FIELD OF THE INVENTION
- BACKGROUND OF THE INVENTION
The present invention relates in general to database management systems performed by computers, and in particular, to learning from empirical results in query optimization. Particularly, the present invention relates to a method and a computer system for performing a query to retrieve data from a database stored on the computer system.
Computer systems incorporating Data-Base Management System (DBMS) software using a Structured Query Language (SQL) interface are well known in the art. In a DBMS system, queries typically specify what data is to be accessed, rather than how that data is to be accessed. An SQL Query compiler, and specifically an optimizer function of the SQL Query compiler, automatically determines the appropriate way to access and process the data referenced in a single query or SQL statement respectively. In any case, the access path or Query Execution Plan (QEP) respectively has to be determined before an SQL statement can be executed. The determination of access paths is also known as statement preparation or query optimization.
The optimizer function of the SQL query compiler aims at optimal access paths with minimal execution time. There are approaches, well known in the art, that exploit different statistics to optimize an access path such as object statistics (e.g., table size, cardinality of table columns, value distribution of table columns, etc.) and system statistics (e.g., processor speed, disk I/O latency, buffer pool characteristics for buffer pools that support relevant tables, etc.).
SQL statements are prepared either statically or dynamically. To enhance performance, database systems usually cache dynamically-prepared SQL statements in the so called dynamic statement cache (DSC), which resides in main memory. Thus, these cache dynamically-prepared SQL statements can be executed repeatedly using the same access path.
However, access paths determined by the optimizer function of an SQL Query compiler are not necessarily optimal, because the optimizer function might base its decisions on information that is outdated. Also, a QEP that was optimal when generated may deteriorate due to the growth or shrinkage of accessed tables. Once an access path has been established, it is difficult to automatically assess an optimal point at which an old QEP is replaced by a new QEP. If new QEPs are generated too often, computing resources are wasted during the superfluous QEP generations. Likewise, if suboptimal QEPs are not replaced with better QEPs, computing resources are wasted during the executions of these suboptimal QEPs.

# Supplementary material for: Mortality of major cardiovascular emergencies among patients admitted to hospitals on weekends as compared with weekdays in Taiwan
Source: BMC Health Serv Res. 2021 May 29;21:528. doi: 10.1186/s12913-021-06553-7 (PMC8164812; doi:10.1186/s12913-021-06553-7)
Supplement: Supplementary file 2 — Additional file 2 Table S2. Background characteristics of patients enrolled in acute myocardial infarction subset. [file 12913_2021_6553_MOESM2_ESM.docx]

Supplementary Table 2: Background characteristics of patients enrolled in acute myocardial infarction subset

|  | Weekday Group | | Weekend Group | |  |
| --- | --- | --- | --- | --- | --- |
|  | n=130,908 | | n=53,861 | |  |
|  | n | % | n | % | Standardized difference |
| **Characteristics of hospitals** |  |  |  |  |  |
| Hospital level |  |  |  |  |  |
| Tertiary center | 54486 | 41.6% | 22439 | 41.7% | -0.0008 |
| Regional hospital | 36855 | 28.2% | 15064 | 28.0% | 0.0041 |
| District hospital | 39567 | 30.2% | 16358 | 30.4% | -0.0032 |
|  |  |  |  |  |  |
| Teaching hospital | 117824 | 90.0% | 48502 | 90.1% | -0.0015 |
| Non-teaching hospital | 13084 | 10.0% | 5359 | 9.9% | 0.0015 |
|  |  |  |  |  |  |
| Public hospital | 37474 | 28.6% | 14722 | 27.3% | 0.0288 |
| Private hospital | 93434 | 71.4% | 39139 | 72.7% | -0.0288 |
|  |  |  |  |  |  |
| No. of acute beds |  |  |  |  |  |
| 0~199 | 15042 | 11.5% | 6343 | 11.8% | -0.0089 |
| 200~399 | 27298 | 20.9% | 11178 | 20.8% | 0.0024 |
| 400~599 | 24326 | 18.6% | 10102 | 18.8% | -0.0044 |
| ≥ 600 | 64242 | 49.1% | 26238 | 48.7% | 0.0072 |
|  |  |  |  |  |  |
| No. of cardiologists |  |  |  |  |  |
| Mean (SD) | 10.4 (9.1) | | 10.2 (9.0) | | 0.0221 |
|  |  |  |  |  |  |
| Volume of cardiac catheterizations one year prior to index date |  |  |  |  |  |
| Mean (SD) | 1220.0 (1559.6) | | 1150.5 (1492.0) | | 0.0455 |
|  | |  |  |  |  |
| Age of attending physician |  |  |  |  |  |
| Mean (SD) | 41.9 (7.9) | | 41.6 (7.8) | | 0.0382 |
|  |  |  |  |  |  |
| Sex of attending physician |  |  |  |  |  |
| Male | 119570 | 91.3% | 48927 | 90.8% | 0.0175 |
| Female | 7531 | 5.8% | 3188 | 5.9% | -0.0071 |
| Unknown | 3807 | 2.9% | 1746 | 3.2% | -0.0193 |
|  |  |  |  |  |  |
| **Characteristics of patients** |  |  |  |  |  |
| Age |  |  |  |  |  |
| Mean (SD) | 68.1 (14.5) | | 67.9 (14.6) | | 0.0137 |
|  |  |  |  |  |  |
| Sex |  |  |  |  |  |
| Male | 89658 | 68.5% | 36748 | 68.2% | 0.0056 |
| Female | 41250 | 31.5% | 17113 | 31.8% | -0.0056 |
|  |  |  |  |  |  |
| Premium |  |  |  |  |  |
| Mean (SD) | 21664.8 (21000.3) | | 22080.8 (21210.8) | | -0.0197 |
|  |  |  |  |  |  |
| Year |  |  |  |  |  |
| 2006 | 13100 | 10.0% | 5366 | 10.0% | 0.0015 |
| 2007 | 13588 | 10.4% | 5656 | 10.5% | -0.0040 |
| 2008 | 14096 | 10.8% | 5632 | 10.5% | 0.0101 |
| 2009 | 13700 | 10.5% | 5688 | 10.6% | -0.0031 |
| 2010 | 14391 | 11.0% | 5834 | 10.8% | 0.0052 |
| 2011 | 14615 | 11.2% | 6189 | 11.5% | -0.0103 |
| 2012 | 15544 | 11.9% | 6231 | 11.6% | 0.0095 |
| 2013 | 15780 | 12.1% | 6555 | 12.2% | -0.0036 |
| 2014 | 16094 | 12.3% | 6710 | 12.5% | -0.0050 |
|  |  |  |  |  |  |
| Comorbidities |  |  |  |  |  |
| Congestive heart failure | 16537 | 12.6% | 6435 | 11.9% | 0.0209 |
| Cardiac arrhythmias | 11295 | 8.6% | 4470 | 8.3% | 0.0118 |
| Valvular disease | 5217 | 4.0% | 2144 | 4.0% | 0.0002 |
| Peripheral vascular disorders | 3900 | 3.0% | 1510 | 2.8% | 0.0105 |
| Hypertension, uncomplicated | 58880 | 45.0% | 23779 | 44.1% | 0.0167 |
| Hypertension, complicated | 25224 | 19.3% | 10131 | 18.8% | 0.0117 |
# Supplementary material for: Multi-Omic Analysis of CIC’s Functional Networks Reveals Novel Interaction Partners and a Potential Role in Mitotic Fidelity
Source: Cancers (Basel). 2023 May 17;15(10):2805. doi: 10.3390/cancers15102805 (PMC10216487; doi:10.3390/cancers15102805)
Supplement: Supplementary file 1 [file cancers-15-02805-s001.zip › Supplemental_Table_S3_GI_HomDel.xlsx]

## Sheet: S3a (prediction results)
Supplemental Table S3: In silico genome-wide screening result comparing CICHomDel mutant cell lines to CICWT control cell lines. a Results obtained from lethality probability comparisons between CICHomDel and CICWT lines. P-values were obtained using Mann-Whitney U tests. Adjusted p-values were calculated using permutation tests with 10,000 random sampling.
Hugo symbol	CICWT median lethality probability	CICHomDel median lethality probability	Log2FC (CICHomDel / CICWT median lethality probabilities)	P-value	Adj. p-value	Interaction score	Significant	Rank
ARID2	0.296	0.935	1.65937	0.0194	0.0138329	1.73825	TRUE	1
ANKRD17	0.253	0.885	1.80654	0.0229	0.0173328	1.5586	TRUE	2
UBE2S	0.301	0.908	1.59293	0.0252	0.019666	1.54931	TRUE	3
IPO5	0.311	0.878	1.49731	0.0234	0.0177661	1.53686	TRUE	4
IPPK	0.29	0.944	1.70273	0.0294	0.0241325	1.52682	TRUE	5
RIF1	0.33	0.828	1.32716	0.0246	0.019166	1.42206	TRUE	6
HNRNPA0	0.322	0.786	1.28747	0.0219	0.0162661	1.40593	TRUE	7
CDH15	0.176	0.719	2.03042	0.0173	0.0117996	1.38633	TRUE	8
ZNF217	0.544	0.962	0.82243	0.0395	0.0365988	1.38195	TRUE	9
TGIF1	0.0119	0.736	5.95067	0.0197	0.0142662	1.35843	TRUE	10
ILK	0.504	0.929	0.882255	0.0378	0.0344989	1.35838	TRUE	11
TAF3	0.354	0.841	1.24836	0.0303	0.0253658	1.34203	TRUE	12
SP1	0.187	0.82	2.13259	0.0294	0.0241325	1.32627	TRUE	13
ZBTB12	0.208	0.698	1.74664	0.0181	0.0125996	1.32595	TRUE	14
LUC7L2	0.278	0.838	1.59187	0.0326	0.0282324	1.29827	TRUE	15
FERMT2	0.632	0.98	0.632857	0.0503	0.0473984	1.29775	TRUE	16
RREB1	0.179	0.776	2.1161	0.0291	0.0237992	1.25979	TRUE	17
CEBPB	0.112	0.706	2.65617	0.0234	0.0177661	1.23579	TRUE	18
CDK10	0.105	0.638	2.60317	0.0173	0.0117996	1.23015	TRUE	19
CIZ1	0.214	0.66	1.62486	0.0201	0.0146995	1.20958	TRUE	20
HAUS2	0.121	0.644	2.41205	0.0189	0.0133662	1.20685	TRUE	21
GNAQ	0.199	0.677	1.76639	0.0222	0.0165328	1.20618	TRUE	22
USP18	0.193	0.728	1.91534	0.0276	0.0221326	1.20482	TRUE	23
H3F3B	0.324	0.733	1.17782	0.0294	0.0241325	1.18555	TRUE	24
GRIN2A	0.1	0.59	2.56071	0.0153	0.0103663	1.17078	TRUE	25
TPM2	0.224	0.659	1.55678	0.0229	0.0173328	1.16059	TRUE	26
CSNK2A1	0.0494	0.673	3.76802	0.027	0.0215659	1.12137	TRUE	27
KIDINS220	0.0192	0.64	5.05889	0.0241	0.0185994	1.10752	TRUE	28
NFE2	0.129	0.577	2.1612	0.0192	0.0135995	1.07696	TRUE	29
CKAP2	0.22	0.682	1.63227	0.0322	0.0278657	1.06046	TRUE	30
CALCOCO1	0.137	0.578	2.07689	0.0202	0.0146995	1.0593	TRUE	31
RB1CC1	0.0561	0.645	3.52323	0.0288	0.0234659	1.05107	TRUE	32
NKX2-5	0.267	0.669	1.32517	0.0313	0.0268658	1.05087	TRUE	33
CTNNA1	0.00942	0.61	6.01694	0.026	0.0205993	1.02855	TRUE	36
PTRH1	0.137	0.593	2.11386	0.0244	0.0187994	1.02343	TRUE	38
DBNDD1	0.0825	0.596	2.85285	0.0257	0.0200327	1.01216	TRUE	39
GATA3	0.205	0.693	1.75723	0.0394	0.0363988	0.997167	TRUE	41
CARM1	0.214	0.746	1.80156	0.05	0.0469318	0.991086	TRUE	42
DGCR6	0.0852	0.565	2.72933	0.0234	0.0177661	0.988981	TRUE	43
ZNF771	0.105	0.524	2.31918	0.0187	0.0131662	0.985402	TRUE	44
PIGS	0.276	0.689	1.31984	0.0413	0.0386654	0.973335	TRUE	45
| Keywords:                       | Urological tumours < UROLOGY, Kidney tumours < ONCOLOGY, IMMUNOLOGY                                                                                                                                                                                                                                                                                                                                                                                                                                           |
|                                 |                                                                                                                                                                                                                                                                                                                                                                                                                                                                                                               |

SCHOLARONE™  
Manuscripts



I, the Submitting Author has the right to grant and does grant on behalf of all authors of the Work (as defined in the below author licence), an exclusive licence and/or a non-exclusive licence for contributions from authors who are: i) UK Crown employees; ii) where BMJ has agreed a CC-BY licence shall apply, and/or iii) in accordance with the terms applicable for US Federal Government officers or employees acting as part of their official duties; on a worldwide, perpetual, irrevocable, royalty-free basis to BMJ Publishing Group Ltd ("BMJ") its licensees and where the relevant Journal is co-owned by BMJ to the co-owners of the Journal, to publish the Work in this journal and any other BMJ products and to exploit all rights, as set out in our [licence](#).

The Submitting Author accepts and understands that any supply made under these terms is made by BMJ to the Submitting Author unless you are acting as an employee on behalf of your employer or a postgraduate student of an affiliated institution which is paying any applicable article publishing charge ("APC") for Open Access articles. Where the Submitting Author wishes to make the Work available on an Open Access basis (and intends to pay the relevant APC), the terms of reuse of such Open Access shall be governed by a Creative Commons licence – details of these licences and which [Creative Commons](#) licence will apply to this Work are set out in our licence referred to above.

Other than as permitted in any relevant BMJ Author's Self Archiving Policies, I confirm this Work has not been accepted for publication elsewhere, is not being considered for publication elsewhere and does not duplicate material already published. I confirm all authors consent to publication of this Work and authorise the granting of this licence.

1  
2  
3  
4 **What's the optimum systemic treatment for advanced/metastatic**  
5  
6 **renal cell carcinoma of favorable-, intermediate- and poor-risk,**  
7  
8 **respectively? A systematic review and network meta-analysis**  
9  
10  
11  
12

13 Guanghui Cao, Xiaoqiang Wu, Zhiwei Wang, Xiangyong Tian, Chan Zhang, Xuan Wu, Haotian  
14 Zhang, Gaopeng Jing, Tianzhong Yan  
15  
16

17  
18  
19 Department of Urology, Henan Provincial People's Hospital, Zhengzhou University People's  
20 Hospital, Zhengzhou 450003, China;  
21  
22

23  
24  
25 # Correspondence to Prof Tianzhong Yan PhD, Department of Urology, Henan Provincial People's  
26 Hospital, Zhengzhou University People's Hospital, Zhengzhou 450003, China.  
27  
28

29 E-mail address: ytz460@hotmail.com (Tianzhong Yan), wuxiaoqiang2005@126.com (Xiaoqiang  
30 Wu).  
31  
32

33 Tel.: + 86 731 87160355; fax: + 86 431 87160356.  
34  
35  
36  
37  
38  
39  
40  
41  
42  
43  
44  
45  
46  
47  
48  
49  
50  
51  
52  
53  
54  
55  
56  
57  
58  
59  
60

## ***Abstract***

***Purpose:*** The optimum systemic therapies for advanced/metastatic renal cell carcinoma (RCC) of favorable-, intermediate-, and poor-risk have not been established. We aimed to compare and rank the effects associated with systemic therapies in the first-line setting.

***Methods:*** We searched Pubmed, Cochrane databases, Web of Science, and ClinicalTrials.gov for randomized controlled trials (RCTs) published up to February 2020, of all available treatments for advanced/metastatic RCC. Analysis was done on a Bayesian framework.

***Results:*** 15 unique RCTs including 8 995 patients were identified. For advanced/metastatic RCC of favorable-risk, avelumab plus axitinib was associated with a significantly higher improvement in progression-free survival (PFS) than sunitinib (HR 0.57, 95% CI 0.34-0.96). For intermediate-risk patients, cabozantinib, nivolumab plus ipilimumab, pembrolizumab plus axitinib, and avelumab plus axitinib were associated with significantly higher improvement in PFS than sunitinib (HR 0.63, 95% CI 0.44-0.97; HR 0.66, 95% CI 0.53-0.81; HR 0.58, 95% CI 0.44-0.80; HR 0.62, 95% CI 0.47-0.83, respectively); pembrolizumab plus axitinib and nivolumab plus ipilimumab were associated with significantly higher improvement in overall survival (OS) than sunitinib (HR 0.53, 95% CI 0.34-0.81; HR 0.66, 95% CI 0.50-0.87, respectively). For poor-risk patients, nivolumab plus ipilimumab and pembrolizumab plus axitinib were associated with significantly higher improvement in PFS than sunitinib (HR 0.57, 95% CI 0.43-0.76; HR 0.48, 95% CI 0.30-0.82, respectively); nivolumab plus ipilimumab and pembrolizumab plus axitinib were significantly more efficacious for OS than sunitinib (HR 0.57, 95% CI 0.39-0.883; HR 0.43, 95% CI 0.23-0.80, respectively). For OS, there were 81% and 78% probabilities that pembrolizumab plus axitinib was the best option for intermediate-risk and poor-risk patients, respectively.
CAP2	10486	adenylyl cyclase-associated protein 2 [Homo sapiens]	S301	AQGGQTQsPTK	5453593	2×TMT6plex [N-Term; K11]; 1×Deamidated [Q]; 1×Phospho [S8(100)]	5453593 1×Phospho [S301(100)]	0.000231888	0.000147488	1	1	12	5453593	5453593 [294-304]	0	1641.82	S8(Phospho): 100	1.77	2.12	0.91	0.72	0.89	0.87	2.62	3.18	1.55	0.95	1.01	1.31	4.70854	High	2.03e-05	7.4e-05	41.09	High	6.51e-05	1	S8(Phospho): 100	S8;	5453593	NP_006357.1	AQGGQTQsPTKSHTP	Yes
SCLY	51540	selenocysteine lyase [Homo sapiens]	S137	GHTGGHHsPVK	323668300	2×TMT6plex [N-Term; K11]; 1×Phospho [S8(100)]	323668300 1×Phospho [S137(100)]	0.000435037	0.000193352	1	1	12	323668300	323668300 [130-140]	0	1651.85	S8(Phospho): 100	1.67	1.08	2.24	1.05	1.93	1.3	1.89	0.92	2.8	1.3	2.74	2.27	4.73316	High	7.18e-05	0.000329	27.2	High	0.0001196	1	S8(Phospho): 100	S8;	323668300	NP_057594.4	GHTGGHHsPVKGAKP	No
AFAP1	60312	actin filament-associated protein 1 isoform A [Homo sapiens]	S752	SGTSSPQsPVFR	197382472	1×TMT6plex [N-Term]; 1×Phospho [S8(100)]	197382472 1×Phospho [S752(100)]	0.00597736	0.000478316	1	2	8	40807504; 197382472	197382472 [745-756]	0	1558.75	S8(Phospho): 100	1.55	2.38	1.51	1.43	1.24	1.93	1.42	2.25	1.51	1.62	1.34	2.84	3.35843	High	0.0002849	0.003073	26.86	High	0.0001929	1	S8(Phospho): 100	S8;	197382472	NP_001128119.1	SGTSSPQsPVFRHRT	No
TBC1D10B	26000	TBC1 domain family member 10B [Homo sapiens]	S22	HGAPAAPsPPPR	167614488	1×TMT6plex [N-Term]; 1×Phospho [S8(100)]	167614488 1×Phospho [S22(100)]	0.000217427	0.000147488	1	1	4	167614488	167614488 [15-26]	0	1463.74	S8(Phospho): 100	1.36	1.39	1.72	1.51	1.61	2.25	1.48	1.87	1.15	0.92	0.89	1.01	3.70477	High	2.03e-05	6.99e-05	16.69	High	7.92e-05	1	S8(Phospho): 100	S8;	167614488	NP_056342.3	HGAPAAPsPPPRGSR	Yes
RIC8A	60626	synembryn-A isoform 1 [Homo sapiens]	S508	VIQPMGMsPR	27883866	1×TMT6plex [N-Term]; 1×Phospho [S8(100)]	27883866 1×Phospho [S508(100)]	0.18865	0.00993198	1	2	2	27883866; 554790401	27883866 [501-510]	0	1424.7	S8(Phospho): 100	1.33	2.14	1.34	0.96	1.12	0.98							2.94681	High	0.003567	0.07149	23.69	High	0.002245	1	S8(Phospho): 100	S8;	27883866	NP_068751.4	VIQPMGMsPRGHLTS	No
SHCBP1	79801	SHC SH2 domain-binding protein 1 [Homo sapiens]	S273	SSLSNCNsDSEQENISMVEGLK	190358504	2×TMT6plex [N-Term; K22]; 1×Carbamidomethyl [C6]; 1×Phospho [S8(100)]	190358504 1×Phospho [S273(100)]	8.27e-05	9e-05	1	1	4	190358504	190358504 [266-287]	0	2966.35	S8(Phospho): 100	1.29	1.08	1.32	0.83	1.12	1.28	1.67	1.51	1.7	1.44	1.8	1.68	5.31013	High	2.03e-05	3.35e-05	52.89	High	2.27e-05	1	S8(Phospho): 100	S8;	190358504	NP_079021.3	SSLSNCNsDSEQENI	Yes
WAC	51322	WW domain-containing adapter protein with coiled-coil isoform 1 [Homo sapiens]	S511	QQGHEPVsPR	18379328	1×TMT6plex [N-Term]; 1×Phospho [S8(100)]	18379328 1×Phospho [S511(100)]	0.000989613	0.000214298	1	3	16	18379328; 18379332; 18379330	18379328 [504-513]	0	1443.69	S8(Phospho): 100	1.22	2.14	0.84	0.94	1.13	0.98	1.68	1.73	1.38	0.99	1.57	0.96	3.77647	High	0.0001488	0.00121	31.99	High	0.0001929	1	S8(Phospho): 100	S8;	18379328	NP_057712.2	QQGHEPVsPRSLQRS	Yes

Weikum, et al., describe in “Self-tuning Database Technology and Information Service: from Wishful Thinking to Viable Engineering”, Proceedings of the 28th VLDB Conference, Hong Kong, 2002, an approach that exploits database performance statistics to adjust global DBMS parameters. These adjustments affect the behavior of the entire DBMS, potentially resulting in deterioration of well-performing SQL statements. Further, these adjustments do not enhance the statistical information of the optimizer function.
Another approach as described by Ng, et al., in “Dynamic Query Re-Optimization”, the 11th International Conference on Scientific and Statistical Database Management, Cleveland, Ohio, 1999, provides a general framework for triggering re-optimization. However, this approach neither enhances the statistical information nor considers the repeatable execution of the same SQL statement. Rather, this approach aims at the dynamic re-optimization of parts of a query but does not save and exploit this knowledge for the following query optimization runs.
US 2002/0198867 A1 by Lohman, et. al., titled “Learning from Empirical Results in Query Optimization,” describes an optimizer function of a DBMS that generates alternative QEPs for executing a query. For each of the alternative QEPs an execution model is provided. One of the alternative QEPs is chosen for execution based on the model associated therewith. The optimizer function uses, for example, the base table cardinality, as stored in the statistics, in its cardinality estimation model to compute an estimate for the result cardinality of each table access operator after application of the predicate. Besides, the comparable actual cardinality is measured for each operator during execution.
The actual and estimated cardinalities are compared to obtain a feedback to the statistics that were used for obtaining the base table cardinalities as well as a feedback to the cardinality model that was used for computing the estimates. Thus, the optimizer function exploits an empirical measurement from the execution of the chosen QEP to validate the model associated therewith. Thereby, the optimizer function determines whether the model is in error and in that case one or more adjustments to the model are computed to correct the determined error.